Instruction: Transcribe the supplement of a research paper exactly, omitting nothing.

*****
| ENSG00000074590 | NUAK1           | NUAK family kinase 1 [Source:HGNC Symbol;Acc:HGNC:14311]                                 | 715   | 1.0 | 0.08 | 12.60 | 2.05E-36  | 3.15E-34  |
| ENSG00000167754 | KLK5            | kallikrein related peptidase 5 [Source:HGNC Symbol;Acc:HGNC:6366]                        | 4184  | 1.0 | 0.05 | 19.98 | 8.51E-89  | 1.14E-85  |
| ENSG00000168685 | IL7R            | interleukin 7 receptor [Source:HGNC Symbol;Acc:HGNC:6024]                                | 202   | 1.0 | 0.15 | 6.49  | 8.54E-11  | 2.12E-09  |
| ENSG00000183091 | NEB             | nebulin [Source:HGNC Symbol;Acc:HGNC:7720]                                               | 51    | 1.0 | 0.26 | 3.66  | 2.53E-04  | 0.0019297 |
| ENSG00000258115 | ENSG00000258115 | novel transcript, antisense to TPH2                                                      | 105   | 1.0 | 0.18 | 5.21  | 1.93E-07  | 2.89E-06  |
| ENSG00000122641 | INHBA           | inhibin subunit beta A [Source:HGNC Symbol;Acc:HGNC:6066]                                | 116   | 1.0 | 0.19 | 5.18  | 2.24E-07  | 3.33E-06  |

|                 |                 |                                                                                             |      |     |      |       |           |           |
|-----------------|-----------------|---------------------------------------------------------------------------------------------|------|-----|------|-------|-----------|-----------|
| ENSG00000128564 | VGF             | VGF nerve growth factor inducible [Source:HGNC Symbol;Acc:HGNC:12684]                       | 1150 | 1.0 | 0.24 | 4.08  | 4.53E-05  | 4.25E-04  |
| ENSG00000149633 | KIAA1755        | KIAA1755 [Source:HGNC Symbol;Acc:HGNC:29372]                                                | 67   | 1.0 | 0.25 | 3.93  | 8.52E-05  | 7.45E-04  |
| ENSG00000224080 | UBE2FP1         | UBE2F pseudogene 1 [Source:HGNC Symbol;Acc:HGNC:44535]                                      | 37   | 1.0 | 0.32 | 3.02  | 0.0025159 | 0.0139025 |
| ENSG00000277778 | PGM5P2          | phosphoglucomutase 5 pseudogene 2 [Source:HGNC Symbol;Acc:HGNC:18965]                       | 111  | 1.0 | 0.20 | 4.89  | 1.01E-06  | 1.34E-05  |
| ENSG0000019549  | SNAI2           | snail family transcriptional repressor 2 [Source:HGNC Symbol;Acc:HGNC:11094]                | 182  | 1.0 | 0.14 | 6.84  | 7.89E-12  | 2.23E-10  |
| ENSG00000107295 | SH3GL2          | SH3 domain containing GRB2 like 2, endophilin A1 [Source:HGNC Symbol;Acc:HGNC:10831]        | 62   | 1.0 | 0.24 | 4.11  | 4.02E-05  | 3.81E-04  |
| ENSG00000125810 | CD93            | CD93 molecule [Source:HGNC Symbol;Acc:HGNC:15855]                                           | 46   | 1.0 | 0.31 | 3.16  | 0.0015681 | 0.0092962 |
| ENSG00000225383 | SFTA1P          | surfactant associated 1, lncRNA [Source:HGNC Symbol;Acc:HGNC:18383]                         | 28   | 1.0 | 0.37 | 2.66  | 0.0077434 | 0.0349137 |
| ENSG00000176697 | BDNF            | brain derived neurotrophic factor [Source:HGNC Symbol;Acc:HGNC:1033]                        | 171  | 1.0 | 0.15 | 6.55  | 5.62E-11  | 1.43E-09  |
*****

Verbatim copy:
| ENSG00000074590 | NUAK1           | NUAK family kinase 1 [Source:HGNC Symbol;Acc:HGNC:14311]                                 | 715   | 1.0 | 0.08 | 12.60 | 2.05E-36  | 3.15E-34  |
| ENSG00000167754 | KLK5            | kallikrein related peptidase 5 [Source:HGNC Symbol;Acc:HGNC:6366]                        | 4184  | 1.0 | 0.05 | 19.98 | 8.51E-89  | 1.14E-85  |
| ENSG00000168685 | IL7R            | interleukin 7 receptor [Source:HGNC Symbol;Acc:HGNC:6024]                                | 202   | 1.0 | 0.15 | 6.49  | 8.54E-11  | 2.12E-09  |
| ENSG00000183091 | NEB             | nebulin [Source:HGNC Symbol;Acc:HGNC:7720]                                               | 51    | 1.0 | 0.26 | 3.66  | 2.53E-04  | 0.0019297 |
| ENSG00000258115 | ENSG00000258115 | novel transcript, antisense to TPH2                                                      | 105   | 1.0 | 0.18 | 5.21  | 1.93E-07  | 2.89E-06  |
| ENSG00000122641 | INHBA           | inhibin subunit beta A [Source:HGNC Symbol;Acc:HGNC:6066]                                | 116   | 1.0 | 0.19 | 5.18  | 2.24E-07  | 3.33E-06  |

|                 |                 |                                                                                             |      |     |      |       |           |           |
|-----------------|-----------------|---------------------------------------------------------------------------------------------|------|-----|------|-------|-----------|-----------|
| ENSG00000128564 | VGF             | VGF nerve growth factor inducible [Source:HGNC Symbol;Acc:HGNC:12684]                       | 1150 | 1.0 | 0.24 | 4.08  | 4.53E-05  | 4.25E-04  |
| ENSG00000149633 | KIAA1755        | KIAA1755 [Source:HGNC Symbol;Acc:HGNC:29372]                                                | 67   | 1.0 | 0.25 | 3.93  | 8.52E-05  | 7.45E-04  |
| ENSG00000224080 | UBE2FP1         | UBE2F pseudogene 1 [Source:HGNC Symbol;Acc:HGNC:44535]                                      | 37   | 1.0 | 0.32 | 3.02  | 0.0025159 | 0.0139025 |
| ENSG00000277778 | PGM5P2          | phosphoglucomutase 5 pseudogene 2 [Source:HGNC Symbol;Acc:HGNC:18965]                       | 111  | 1.0 | 0.20 | 4.89  | 1.01E-06  | 1.34E-05  |
| ENSG0000019549  | SNAI2           | snail family transcriptional repressor 2 [Source:HGNC Symbol;Acc:HGNC:11094]                | 182  | 1.0 | 0.14 | 6.84  | 7.89E-12  | 2.23E-10  |
| ENSG00000107295 | SH3GL2          | SH3 domain containing GRB2 like 2, endophilin A1 [Source:HGNC Symbol;Acc:HGNC:10831]        | 62   | 1.0 | 0.24 | 4.11  | 4.02E-05  | 3.81E-04  |
| ENSG00000125810 | CD93            | CD93 molecule [Source:HGNC Symbol;Acc:HGNC:15855]                                           | 46   | 1.0 | 0.31 | 3.16  | 0.0015681 | 0.0092962 |
| ENSG00000225383 | SFTA1P          | surfactant associated 1, lncRNA [Source:HGNC Symbol;Acc:HGNC:18383]                         | 28   | 1.0 | 0.37 | 2.66  | 0.0077434 | 0.0349137 |
| ENSG00000176697 | BDNF            | brain derived neurotrophic factor [Source:HGNC Symbol;Acc:HGNC:1033]                        | 171  | 1.0 | 0.15 | 6.55  | 5.62E-11  | 1.43E-09  |